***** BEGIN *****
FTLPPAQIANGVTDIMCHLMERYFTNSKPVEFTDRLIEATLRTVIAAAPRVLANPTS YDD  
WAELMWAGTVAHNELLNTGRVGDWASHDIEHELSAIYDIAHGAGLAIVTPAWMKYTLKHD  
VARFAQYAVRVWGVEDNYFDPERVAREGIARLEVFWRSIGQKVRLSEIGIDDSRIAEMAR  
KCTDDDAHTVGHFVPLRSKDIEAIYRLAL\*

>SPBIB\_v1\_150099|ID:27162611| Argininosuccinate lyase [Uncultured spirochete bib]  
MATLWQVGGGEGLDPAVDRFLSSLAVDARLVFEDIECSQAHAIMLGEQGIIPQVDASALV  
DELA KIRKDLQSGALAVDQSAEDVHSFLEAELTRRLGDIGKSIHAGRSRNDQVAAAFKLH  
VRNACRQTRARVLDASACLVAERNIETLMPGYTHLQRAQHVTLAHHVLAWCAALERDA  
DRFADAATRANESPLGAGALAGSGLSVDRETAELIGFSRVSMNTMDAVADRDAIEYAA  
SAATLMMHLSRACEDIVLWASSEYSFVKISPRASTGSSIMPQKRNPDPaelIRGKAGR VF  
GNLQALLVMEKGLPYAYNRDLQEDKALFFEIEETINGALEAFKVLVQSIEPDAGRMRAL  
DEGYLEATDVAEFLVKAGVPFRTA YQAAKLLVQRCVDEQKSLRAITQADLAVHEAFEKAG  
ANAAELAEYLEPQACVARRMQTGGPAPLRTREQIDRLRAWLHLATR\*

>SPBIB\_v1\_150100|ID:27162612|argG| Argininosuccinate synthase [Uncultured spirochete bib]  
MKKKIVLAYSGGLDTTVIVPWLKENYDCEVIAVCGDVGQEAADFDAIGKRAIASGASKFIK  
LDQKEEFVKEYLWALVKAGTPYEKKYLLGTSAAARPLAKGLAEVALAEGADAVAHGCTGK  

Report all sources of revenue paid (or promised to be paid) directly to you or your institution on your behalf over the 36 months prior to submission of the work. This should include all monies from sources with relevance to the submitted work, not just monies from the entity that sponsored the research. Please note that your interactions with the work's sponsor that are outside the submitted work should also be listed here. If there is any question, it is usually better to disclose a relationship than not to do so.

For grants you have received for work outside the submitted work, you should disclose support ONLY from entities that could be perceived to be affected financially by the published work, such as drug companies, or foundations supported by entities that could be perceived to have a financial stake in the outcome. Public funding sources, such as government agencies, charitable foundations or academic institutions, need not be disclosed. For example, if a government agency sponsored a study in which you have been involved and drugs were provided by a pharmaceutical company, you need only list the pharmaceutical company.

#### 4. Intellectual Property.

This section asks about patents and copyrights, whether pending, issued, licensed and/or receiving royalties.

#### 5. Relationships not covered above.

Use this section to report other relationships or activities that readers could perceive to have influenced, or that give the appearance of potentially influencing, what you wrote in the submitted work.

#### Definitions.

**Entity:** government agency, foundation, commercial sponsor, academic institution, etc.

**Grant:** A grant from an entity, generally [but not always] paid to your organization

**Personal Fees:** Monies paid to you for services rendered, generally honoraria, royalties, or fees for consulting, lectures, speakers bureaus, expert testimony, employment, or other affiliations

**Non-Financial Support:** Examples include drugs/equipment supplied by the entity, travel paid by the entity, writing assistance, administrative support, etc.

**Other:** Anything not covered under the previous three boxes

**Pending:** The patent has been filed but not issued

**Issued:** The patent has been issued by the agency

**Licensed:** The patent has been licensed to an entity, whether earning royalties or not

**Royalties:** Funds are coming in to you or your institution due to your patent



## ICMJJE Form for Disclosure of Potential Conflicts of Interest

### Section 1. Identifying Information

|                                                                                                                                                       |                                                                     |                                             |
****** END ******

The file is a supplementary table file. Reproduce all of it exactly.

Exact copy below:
FTLPPAQIANGVTDIMCHLMERYFTNSKPVEFTDRLIEATLRTVIAAAPRVLANPTS YDD  
WAELMWAGTVAHNELLNTGRVGDWASHDIEHELSAIYDIAHGAGLAIVTPAWMKYTLKHD  
VARFAQYAVRVWGVEDNYFDPERVAREGIARLEVFWRSIGQKVRLSEIGIDDSRIAEMAR  
KCTDDDAHTVGHFVPLRSKDIEAIYRLAL\*

>SPBIB\_v1\_150099|ID:27162611| Argininosuccinate lyase [Uncultured spirochete bib]  
MATLWQVGGGEGLDPAVDRFLSSLAVDARLVFEDIECSQAHAIMLGEQGIIPQVDASALV  
DELA KIRKDLQSGALAVDQSAEDVHSFLEAELTRRLGDIGKSIHAGRSRNDQVAAAFKLH  
VRNACRQTRARVLDASACLVAERNIETLMPGYTHLQRAQHVTLAHHVLAWCAALERDA  
DRFADAATRANESPLGAGALAGSGLSVDRETAELIGFSRVSMNTMDAVADRDAIEYAA  
SAATLMMHLSRACEDIVLWASSEYSFVKISPRASTGSSIMPQKRNPDPaelIRGKAGR VF  
GNLQALLVMEKGLPYAYNRDLQEDKALFFEIEETINGALEAFKVLVQSIEPDAGRMRAL  
DEGYLEATDVAEFLVKAGVPFRTA YQAAKLLVQRCVDEQKSLRAITQADLAVHEAFEKAG  
ANAAELAEYLEPQACVARRMQTGGPAPLRTREQIDRLRAWLHLATR\*

>SPBIB\_v1\_150100|ID:27162612|argG| Argininosuccinate synthase [Uncultured spirochete bib]  
MKKKIVLAYSGGLDTTVIVPWLKENYDCEVIAVCGDVGQEAADFDAIGKRAIASGASKFIK  
LDQKEEFVKEYLWALVKAGTPYEKKYLLGTSAAARPLAKGLAEVALAEGADAVAHGCTGK  

Report all sources of revenue paid (or promised to be paid) directly to you or your institution on your behalf over the 36 months prior to submission of the work. This should include all monies from sources with relevance to the submitted work, not just monies from the entity that sponsored the research. Please note that your interactions with the work's sponsor that are outside the submitted work should also be listed here. If there is any question, it is usually better to disclose a relationship than not to do so.

For grants you have received for work outside the submitted work, you should disclose support ONLY from entities that could be perceived to be affected financially by the published work, such as drug companies, or foundations supported by entities that could be perceived to have a financial stake in the outcome. Public funding sources, such as government agencies, charitable foundations or academic institutions, need not be disclosed. For example, if a government agency sponsored a study in which you have been involved and drugs were provided by a pharmaceutical company, you need only list the pharmaceutical company.

#### 4. Intellectual Property.

This section asks about patents and copyrights, whether pending, issued, licensed and/or receiving royalties.

#### 5. Relationships not covered above.

Use this section to report other relationships or activities that readers could perceive to have influenced, or that give the appearance of potentially influencing, what you wrote in the submitted work.

#### Definitions.

**Entity:** government agency, foundation, commercial sponsor, academic institution, etc.

**Grant:** A grant from an entity, generally [but not always] paid to your organization

**Personal Fees:** Monies paid to you for services rendered, generally honoraria, royalties, or fees for consulting, lectures, speakers bureaus, expert testimony, employment, or other affiliations

**Non-Financial Support:** Examples include drugs/equipment supplied by the entity, travel paid by the entity, writing assistance, administrative support, etc.

**Other:** Anything not covered under the previous three boxes

**Pending:** The patent has been filed but not issued

**Issued:** The patent has been issued by the agency

**Licensed:** The patent has been licensed to an entity, whether earning royalties or not

**Royalties:** Funds are coming in to you or your institution due to your patent



## ICMJJE Form for Disclosure of Potential Conflicts of Interest

### Section 1. Identifying Information

|                                                                                                                                                       |                                                                     |                                             |